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The uncertainty principle states that $${\Delta}x{\Delta}p{\geq}\frac{h}{4\pi}.$$

In experimental uncertainty, ${\Delta}x$ is actually half the range (since the value implies that the actual value might be ${\Delta}x$ greater or ${\Delta}x$ less).

In this equation, is ${\Delta}x$ (or ${\Delta}p$) given by the range, or half the range just like experimental uncertainties? Specifically, in a hydrogen atom, is ${\Delta}x$ of the orbiting electron given by the diameter of the orbit or the radius of the orbit, and is ${\Delta}p$ given by twice its magnitude of momentum?

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    $\begingroup$ It's neither; $\Delta$ is the standard deviation. But if you're using the uncertainty principle the way you are, it really doesn't matter since everything is order-of-magnitude anyway. Just choose any reasonable definition you want. $\endgroup$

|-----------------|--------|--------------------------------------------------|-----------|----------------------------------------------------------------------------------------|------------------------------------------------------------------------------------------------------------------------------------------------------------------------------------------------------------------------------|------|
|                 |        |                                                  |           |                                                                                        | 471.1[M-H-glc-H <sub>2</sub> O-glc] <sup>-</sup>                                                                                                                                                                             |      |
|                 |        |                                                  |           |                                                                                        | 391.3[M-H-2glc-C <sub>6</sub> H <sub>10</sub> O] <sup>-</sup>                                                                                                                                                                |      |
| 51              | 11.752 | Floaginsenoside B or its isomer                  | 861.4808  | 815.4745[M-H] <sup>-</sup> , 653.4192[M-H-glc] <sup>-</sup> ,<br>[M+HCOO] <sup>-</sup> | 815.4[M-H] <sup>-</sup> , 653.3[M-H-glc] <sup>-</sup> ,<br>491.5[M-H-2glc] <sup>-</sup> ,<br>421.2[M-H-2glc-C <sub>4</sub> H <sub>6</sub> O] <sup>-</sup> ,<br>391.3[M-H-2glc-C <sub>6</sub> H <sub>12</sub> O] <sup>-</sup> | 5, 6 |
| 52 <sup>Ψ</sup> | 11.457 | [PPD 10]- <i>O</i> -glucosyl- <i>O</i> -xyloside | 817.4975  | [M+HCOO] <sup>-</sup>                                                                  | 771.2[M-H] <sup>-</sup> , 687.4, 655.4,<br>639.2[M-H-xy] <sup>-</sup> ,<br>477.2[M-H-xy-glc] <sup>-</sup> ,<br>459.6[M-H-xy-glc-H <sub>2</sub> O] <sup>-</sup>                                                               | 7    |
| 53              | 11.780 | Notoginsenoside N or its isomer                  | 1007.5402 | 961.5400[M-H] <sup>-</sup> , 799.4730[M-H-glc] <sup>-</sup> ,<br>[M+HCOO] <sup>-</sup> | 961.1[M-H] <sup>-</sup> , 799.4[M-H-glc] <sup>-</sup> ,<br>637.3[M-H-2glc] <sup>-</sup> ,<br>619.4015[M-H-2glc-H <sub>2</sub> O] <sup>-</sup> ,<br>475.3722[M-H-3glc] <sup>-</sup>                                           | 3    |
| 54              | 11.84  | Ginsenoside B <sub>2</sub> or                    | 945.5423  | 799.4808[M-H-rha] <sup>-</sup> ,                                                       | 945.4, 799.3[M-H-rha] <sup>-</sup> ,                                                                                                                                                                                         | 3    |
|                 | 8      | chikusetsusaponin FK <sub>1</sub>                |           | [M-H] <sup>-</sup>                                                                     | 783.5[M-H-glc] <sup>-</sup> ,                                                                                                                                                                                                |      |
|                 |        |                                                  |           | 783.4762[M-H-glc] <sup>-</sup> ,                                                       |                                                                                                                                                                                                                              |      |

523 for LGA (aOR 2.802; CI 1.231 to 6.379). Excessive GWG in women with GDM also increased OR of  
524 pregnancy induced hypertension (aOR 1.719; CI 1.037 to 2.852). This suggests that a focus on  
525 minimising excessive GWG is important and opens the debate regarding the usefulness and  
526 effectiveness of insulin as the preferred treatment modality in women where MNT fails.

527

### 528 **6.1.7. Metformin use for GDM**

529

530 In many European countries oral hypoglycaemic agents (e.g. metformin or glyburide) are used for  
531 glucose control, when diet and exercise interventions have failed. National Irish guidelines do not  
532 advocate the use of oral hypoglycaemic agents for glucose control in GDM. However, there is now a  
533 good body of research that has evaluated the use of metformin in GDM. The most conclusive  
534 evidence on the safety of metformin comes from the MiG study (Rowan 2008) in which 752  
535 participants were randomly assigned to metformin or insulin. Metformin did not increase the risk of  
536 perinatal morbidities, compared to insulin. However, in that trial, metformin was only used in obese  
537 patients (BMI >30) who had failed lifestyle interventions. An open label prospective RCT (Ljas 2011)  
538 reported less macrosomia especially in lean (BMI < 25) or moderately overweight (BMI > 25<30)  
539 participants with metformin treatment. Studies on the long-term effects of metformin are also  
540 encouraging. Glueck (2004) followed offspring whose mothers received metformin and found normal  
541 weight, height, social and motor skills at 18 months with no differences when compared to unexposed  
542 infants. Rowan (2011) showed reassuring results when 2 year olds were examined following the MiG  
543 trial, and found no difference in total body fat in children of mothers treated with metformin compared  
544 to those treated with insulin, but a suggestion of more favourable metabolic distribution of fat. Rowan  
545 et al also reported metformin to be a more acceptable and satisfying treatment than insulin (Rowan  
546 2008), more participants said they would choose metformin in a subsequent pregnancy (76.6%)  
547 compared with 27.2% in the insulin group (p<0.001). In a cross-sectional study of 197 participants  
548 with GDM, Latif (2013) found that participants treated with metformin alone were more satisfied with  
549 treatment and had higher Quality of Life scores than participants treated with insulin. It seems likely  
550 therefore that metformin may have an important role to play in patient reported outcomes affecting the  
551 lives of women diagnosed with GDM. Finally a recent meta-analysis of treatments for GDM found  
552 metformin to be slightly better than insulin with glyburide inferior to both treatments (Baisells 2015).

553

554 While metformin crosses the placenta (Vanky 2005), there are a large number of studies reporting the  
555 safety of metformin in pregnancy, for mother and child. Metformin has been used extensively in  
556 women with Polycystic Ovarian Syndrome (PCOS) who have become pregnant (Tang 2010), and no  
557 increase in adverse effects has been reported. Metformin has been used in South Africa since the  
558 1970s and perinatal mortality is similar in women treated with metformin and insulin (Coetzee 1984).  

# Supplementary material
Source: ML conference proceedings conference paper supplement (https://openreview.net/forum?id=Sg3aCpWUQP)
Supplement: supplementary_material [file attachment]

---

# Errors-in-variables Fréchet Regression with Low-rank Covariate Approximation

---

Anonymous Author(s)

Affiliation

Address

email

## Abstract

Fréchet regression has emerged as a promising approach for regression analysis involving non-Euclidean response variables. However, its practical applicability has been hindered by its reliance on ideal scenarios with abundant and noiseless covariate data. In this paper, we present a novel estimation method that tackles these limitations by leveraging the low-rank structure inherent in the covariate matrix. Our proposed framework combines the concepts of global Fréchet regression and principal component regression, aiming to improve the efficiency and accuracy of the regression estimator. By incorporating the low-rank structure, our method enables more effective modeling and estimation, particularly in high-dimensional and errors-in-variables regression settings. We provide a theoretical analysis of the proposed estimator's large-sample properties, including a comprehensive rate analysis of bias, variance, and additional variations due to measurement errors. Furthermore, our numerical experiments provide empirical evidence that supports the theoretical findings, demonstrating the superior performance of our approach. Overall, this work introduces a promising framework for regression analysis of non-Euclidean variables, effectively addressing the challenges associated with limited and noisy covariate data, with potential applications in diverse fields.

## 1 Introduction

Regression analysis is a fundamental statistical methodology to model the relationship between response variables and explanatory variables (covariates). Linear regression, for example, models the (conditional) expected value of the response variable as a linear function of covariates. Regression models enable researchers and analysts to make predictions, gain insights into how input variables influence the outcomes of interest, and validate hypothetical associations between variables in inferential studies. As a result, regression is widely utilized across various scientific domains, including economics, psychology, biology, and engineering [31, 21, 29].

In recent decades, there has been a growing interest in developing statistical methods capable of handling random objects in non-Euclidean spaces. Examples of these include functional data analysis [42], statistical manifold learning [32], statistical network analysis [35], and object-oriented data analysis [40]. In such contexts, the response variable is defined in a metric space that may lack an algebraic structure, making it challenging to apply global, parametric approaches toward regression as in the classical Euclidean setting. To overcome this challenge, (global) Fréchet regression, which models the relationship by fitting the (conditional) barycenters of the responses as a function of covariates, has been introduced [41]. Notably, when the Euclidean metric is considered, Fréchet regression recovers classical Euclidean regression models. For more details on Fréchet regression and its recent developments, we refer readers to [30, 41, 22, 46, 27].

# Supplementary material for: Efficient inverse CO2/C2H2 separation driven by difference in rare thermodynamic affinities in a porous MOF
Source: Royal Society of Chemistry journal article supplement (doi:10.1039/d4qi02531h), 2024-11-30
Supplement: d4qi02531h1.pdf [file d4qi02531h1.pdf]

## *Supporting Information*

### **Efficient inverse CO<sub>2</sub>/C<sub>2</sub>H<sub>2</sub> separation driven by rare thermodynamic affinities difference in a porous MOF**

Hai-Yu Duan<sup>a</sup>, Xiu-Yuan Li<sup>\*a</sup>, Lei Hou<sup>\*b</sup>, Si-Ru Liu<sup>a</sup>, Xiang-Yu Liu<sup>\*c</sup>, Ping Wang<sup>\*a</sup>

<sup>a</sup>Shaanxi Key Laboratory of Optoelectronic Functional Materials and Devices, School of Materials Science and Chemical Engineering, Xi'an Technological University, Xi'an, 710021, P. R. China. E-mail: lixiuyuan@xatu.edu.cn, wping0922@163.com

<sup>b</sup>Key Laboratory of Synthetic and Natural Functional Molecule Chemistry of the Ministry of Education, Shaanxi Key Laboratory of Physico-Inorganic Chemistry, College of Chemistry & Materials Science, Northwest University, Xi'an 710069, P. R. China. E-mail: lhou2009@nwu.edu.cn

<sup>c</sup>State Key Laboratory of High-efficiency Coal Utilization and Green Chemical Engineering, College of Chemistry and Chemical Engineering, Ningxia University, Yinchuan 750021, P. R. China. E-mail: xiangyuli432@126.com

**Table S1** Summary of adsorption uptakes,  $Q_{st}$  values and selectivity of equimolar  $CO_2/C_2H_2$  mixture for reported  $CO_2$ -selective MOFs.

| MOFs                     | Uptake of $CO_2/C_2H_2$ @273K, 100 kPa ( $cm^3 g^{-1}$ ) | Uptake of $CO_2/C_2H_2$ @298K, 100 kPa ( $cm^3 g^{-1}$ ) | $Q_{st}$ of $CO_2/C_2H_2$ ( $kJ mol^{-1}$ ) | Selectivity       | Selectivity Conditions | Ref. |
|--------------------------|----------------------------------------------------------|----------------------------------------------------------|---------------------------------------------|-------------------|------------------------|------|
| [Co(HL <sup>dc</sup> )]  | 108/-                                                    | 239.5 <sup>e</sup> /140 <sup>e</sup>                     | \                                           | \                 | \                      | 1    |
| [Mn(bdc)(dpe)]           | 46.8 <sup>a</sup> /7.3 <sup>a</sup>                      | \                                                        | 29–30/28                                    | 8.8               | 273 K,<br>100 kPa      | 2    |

– knzhou
    May 14, 2017 at 3:53
  • $\begingroup$ Factors of 2 in HUP: physics.stackexchange.com/q/69604/2451 , physics.stackexchange.com/q/103208/2451 and links therein. $\endgroup$
    – Qmechanic
    May 14, 2017 at 4:31
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    $\begingroup$ @knzhou that should be an answer (although I would then complain that the HUP is a mathematically precise statement about waves and their Fourier transforms, and in that sense is not subject to order-of-magnitude level ambiguity) $\endgroup$
    – David Z
    May 14, 2017 at 6:32

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$\Delta x$ is neither the radius nor the diameter of your orbit. It is the standard deviation representing the region in which the particle could be.

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